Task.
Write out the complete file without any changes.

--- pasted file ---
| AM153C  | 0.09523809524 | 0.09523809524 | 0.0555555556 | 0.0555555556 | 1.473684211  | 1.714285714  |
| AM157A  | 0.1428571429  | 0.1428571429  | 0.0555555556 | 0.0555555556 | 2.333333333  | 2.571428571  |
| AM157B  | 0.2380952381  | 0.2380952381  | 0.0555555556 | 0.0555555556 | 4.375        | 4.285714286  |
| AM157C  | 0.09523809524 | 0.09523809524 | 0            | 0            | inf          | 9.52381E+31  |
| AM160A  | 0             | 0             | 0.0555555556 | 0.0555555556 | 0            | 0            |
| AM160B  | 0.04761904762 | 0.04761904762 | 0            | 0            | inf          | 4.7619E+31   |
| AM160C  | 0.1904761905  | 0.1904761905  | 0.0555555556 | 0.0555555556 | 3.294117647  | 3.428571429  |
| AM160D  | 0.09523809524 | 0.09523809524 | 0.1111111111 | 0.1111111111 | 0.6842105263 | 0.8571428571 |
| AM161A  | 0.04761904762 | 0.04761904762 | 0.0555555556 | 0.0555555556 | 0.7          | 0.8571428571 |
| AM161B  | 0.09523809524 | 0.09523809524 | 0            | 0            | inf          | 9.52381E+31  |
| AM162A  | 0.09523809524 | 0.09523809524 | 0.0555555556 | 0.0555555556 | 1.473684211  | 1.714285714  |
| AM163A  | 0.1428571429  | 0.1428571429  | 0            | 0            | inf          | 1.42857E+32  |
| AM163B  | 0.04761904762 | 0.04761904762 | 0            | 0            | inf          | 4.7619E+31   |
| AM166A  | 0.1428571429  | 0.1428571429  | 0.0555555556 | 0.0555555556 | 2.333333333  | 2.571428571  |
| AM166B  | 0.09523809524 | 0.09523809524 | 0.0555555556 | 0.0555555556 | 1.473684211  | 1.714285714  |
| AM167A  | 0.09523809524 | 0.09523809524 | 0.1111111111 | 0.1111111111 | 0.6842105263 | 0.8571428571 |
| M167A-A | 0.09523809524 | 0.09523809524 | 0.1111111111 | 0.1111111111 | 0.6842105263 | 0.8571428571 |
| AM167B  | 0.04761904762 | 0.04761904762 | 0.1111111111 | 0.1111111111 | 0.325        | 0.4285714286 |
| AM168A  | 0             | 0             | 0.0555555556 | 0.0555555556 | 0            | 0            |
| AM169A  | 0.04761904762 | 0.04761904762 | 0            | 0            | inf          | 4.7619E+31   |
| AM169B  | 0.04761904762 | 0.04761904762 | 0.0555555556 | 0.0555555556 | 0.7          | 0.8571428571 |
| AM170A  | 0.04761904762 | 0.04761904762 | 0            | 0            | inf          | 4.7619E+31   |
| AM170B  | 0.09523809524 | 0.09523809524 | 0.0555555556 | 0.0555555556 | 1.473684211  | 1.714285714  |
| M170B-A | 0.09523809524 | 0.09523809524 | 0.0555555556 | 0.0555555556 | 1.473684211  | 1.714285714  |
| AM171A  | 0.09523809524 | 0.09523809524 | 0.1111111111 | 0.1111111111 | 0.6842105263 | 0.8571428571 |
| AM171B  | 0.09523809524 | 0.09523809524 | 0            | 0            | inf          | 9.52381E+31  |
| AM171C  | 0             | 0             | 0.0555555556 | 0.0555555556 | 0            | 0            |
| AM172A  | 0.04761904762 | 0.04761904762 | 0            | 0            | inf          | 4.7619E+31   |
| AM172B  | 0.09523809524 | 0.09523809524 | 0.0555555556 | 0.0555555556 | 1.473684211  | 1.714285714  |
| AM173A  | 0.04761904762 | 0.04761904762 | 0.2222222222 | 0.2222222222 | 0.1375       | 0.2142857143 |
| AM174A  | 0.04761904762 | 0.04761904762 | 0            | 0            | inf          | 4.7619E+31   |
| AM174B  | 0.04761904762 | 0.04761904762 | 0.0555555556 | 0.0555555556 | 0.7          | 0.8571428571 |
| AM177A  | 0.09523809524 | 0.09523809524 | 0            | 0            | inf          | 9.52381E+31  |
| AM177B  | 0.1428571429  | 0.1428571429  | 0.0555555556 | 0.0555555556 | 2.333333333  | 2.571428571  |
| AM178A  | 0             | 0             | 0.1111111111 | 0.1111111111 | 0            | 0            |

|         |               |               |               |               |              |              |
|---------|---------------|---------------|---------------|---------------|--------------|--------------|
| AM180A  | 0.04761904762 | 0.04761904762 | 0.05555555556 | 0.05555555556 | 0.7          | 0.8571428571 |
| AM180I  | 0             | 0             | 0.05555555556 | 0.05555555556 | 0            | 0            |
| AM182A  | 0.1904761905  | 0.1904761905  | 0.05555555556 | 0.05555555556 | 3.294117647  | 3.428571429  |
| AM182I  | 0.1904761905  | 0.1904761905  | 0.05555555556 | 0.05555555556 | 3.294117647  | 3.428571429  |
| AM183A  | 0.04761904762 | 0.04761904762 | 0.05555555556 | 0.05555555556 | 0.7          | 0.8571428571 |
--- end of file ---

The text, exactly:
| AM153C  | 0.09523809524 | 0.09523809524 | 0.0555555556 | 0.0555555556 | 1.473684211  | 1.714285714  |
| AM157A  | 0.1428571429  | 0.1428571429  | 0.0555555556 | 0.0555555556 | 2.333333333  | 2.571428571  |
| AM157B  | 0.2380952381  | 0.2380952381  | 0.0555555556 | 0.0555555556 | 4.375        | 4.285714286  |
| AM157C  | 0.09523809524 | 0.09523809524 | 0            | 0            | inf          | 9.52381E+31  |
| AM160A  | 0             | 0             | 0.0555555556 | 0.0555555556 | 0            | 0            |
| AM160B  | 0.04761904762 | 0.04761904762 | 0            | 0            | inf          | 4.7619E+31   |
| AM160C  | 0.1904761905  | 0.1904761905  | 0.0555555556 | 0.0555555556 | 3.294117647  | 3.428571429  |
| AM160D  | 0.09523809524 | 0.09523809524 | 0.1111111111 | 0.1111111111 | 0.6842105263 | 0.8571428571 |
| AM161A  | 0.04761904762 | 0.04761904762 | 0.0555555556 | 0.0555555556 | 0.7          | 0.8571428571 |
| AM161B  | 0.09523809524 | 0.09523809524 | 0            | 0            | inf          | 9.52381E+31  |
| AM162A  | 0.09523809524 | 0.09523809524 | 0.0555555556 | 0.0555555556 | 1.473684211  | 1.714285714  |
| AM163A  | 0.1428571429  | 0.1428571429  | 0            | 0            | inf          | 1.42857E+32  |
| AM163B  | 0.04761904762 | 0.04761904762 | 0            | 0            | inf          | 4.7619E+31   |
| AM166A  | 0.1428571429  | 0.1428571429  | 0.0555555556 | 0.0555555556 | 2.333333333  | 2.571428571  |
| AM166B  | 0.09523809524 | 0.09523809524 | 0.0555555556 | 0.0555555556 | 1.473684211  | 1.714285714  |
| AM167A  | 0.09523809524 | 0.09523809524 | 0.1111111111 | 0.1111111111 | 0.6842105263 | 0.8571428571 |
| M167A-A | 0.09523809524 | 0.09523809524 | 0.1111111111 | 0.1111111111 | 0.6842105263 | 0.8571428571 |
| AM167B  | 0.04761904762 | 0.04761904762 | 0.1111111111 | 0.1111111111 | 0.325        | 0.4285714286 |
| AM168A  | 0             | 0             | 0.0555555556 | 0.0555555556 | 0            | 0            |
| AM169A  | 0.04761904762 | 0.04761904762 | 0            | 0            | inf          | 4.7619E+31   |
| AM169B  | 0.04761904762 | 0.04761904762 | 0.0555555556 | 0.0555555556 | 0.7          | 0.8571428571 |
| AM170A  | 0.04761904762 | 0.04761904762 | 0            | 0            | inf          | 4.7619E+31   |
| AM170B  | 0.09523809524 | 0.09523809524 | 0.0555555556 | 0.0555555556 | 1.473684211  | 1.714285714  |
| M170B-A | 0.09523809524 | 0.09523809524 | 0.0555555556 | 0.0555555556 | 1.473684211  | 1.714285714  |
| AM171A  | 0.09523809524 | 0.09523809524 | 0.1111111111 | 0.1111111111 | 0.6842105263 | 0.8571428571 |
| AM171B  | 0.09523809524 | 0.09523809524 | 0            | 0            | inf          | 9.52381E+31  |
| AM171C  | 0             | 0             | 0.0555555556 | 0.0555555556 | 0            | 0            |
| AM172A  | 0.04761904762 | 0.04761904762 | 0            | 0            | inf          | 4.7619E+31   |
| AM172B  | 0.09523809524 | 0.09523809524 | 0.0555555556 | 0.0555555556 | 1.473684211  | 1.714285714  |
| AM173A  | 0.04761904762 | 0.04761904762 | 0.2222222222 | 0.2222222222 | 0.1375       | 0.2142857143 |
| AM174A  | 0.04761904762 | 0.04761904762 | 0            | 0            | inf          | 4.7619E+31   |
| AM174B  | 0.04761904762 | 0.04761904762 | 0.0555555556 | 0.0555555556 | 0.7          | 0.8571428571 |
| AM177A  | 0.09523809524 | 0.09523809524 | 0            | 0            | inf          | 9.52381E+31  |
| AM177B  | 0.1428571429  | 0.1428571429  | 0.0555555556 | 0.0555555556 | 2.333333333  | 2.571428571  |
| AM178A  | 0             | 0             | 0.1111111111 | 0.1111111111 | 0            | 0            |

|         |               |               |               |               |              |              |
|---------|---------------|---------------|---------------|---------------|--------------|--------------|
| AM180A  | 0.04761904762 | 0.04761904762 | 0.05555555556 | 0.05555555556 | 0.7          | 0.8571428571 |
| AM180I  | 0             | 0             | 0.05555555556 | 0.05555555556 | 0            | 0            |
| AM182A  | 0.1904761905  | 0.1904761905  | 0.05555555556 | 0.05555555556 | 3.294117647  | 3.428571429  |
| AM182I  | 0.1904761905  | 0.1904761905  | 0.05555555556 | 0.05555555556 | 3.294117647  | 3.428571429  |
| AM183A  | 0.04761904762 | 0.04761904762 | 0.05555555556 | 0.05555555556 | 0.7          | 0.8571428571 |